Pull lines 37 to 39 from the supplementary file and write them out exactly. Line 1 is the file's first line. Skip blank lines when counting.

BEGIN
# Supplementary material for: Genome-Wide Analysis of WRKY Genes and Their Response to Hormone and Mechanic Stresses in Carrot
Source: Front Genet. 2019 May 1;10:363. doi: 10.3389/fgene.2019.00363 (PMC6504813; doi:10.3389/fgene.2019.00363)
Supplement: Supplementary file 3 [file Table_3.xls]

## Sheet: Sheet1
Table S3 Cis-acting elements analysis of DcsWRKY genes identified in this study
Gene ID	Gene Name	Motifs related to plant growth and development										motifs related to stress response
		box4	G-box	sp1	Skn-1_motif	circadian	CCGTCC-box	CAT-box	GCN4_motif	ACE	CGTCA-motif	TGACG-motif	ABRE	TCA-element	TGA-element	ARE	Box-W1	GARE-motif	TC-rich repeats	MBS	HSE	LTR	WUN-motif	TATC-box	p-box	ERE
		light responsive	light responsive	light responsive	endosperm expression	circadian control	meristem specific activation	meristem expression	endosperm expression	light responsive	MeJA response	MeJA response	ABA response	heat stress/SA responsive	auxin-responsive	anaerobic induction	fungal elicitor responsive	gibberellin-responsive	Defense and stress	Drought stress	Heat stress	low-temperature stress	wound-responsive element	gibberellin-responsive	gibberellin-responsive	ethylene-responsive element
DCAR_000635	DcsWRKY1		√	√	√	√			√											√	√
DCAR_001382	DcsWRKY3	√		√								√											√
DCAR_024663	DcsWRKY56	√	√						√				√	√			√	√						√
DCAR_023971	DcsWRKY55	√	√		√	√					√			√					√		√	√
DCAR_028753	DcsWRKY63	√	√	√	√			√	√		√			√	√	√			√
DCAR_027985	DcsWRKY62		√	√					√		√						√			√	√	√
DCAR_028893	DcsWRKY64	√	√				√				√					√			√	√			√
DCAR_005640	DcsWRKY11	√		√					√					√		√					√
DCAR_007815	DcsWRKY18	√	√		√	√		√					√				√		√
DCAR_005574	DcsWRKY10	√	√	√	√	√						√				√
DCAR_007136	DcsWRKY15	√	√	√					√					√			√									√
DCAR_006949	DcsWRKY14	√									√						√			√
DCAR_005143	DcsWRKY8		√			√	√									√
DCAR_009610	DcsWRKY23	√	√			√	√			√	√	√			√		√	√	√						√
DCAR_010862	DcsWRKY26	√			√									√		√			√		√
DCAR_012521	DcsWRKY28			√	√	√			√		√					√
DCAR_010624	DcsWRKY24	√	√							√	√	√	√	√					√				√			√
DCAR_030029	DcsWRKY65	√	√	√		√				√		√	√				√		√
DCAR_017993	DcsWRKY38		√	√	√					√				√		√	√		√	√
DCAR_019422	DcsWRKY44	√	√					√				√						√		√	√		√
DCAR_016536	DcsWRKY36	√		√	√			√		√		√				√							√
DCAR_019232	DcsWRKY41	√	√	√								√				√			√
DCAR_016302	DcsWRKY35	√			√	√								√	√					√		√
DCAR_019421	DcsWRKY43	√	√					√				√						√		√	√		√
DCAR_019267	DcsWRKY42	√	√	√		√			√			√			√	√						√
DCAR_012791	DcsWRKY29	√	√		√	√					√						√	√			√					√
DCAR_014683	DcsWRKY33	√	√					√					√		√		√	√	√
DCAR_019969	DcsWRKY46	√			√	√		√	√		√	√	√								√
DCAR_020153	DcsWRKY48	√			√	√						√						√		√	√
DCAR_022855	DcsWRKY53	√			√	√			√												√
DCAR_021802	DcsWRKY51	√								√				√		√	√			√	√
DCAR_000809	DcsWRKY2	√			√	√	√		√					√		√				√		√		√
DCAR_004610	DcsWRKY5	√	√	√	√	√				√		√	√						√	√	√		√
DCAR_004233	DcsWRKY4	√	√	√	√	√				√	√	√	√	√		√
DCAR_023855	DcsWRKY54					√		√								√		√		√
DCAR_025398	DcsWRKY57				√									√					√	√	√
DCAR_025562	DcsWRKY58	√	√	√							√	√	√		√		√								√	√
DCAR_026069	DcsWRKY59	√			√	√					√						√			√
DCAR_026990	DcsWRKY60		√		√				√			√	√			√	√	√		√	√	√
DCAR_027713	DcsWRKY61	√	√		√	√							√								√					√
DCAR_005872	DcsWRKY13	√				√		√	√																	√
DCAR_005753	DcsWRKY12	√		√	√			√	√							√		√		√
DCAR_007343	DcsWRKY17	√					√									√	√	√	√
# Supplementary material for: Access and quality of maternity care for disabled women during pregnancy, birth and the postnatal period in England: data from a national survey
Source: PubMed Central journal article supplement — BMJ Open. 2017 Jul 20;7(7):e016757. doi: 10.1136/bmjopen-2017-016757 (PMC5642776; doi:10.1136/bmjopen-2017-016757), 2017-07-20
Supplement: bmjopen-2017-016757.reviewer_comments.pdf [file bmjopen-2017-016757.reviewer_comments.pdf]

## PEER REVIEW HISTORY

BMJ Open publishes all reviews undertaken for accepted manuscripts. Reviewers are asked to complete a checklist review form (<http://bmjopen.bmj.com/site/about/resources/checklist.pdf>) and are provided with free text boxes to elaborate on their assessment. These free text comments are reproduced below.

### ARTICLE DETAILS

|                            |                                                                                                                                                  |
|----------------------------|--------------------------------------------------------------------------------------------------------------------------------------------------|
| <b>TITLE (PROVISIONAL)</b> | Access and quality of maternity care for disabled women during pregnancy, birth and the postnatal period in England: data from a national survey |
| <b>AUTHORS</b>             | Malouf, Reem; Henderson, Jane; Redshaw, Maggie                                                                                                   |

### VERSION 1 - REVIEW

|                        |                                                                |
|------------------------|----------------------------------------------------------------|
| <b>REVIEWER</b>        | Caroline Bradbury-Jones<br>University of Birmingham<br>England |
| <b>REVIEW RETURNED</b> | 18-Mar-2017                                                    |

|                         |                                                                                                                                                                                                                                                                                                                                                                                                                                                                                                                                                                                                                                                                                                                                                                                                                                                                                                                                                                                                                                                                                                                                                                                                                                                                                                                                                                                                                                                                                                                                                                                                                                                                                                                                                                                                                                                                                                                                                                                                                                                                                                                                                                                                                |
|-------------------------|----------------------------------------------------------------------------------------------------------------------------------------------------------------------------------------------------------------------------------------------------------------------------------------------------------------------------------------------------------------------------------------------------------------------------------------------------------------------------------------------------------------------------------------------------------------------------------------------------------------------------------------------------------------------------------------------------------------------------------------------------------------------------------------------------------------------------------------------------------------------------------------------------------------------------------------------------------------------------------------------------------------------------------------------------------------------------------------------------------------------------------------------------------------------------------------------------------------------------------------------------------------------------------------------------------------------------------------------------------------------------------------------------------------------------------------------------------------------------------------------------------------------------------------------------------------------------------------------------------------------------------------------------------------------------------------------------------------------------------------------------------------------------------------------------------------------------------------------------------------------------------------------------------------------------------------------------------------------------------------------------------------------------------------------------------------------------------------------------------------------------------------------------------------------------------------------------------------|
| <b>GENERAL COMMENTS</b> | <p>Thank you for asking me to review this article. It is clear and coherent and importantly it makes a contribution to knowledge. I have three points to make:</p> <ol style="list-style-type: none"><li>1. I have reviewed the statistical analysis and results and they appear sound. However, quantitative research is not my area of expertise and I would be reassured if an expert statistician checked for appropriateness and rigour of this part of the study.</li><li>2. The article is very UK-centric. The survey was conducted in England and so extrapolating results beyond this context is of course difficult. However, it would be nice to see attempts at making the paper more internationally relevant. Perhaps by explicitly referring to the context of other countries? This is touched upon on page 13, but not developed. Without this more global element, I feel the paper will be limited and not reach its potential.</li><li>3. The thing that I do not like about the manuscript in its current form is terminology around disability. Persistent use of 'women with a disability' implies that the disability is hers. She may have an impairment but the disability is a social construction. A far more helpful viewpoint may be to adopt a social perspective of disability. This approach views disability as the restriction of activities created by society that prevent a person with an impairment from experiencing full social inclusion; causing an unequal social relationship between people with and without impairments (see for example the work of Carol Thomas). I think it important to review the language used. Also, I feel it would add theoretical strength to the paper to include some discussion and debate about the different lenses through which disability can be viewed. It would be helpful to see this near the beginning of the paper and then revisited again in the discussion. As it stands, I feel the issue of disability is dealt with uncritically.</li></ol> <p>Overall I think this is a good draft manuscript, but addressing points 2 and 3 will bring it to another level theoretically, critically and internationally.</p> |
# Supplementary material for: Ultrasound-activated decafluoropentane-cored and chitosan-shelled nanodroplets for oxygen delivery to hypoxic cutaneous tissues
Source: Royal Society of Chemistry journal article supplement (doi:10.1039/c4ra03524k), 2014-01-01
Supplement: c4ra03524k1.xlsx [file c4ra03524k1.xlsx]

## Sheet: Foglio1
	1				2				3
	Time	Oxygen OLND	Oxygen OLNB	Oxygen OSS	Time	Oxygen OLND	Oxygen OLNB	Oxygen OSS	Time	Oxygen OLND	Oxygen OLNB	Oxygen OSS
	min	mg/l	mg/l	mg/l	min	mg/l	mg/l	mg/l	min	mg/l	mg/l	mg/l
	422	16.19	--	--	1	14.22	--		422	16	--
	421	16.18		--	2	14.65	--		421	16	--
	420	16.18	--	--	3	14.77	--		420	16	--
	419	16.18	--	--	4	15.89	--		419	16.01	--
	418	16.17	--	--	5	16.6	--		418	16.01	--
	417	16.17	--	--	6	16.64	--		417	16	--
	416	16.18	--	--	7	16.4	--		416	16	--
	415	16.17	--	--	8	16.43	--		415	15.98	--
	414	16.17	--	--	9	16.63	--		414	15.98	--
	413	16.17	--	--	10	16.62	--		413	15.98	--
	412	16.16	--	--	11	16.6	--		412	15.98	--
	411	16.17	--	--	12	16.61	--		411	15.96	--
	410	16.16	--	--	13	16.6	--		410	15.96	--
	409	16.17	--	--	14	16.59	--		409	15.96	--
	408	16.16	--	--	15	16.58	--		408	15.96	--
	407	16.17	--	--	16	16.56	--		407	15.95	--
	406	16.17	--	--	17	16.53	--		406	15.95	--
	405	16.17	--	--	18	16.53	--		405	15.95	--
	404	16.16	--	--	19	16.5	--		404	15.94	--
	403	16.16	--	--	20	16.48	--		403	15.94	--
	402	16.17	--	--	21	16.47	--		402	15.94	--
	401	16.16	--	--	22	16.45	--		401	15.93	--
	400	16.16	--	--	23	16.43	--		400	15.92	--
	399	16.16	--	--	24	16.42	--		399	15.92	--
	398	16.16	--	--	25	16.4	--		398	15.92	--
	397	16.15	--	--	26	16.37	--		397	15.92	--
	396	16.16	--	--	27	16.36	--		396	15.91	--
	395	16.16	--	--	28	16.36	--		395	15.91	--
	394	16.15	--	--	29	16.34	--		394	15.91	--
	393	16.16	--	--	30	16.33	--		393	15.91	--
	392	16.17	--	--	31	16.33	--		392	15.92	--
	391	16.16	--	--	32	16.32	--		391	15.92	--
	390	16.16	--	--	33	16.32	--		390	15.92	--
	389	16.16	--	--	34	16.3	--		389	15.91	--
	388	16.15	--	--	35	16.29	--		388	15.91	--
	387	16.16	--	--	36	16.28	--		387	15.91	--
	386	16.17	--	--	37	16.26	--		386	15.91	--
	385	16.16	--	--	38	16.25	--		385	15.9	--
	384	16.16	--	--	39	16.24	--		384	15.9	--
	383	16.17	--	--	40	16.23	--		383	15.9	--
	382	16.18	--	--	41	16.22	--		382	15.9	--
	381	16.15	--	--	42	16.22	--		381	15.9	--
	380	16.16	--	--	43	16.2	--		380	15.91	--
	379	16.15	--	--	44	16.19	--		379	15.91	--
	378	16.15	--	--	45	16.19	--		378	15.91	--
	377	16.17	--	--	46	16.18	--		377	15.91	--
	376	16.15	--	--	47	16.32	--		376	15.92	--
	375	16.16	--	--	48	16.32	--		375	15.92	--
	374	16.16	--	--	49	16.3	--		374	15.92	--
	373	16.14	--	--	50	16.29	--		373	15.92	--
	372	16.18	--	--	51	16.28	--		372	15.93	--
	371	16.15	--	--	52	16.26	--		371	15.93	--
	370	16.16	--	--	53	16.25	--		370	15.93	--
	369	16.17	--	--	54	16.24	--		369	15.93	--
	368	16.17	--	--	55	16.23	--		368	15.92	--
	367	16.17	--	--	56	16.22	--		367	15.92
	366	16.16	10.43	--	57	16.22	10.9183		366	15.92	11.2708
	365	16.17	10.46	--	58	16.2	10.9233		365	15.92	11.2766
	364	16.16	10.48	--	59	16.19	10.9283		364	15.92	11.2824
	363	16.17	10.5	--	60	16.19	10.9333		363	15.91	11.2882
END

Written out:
DCAR_020153	DcsWRKY48	√			√	√						√						√		√	√
DCAR_022855	DcsWRKY53	√			√	√			√												√
DCAR_021802	DcsWRKY51	√								√				√		√	√			√	√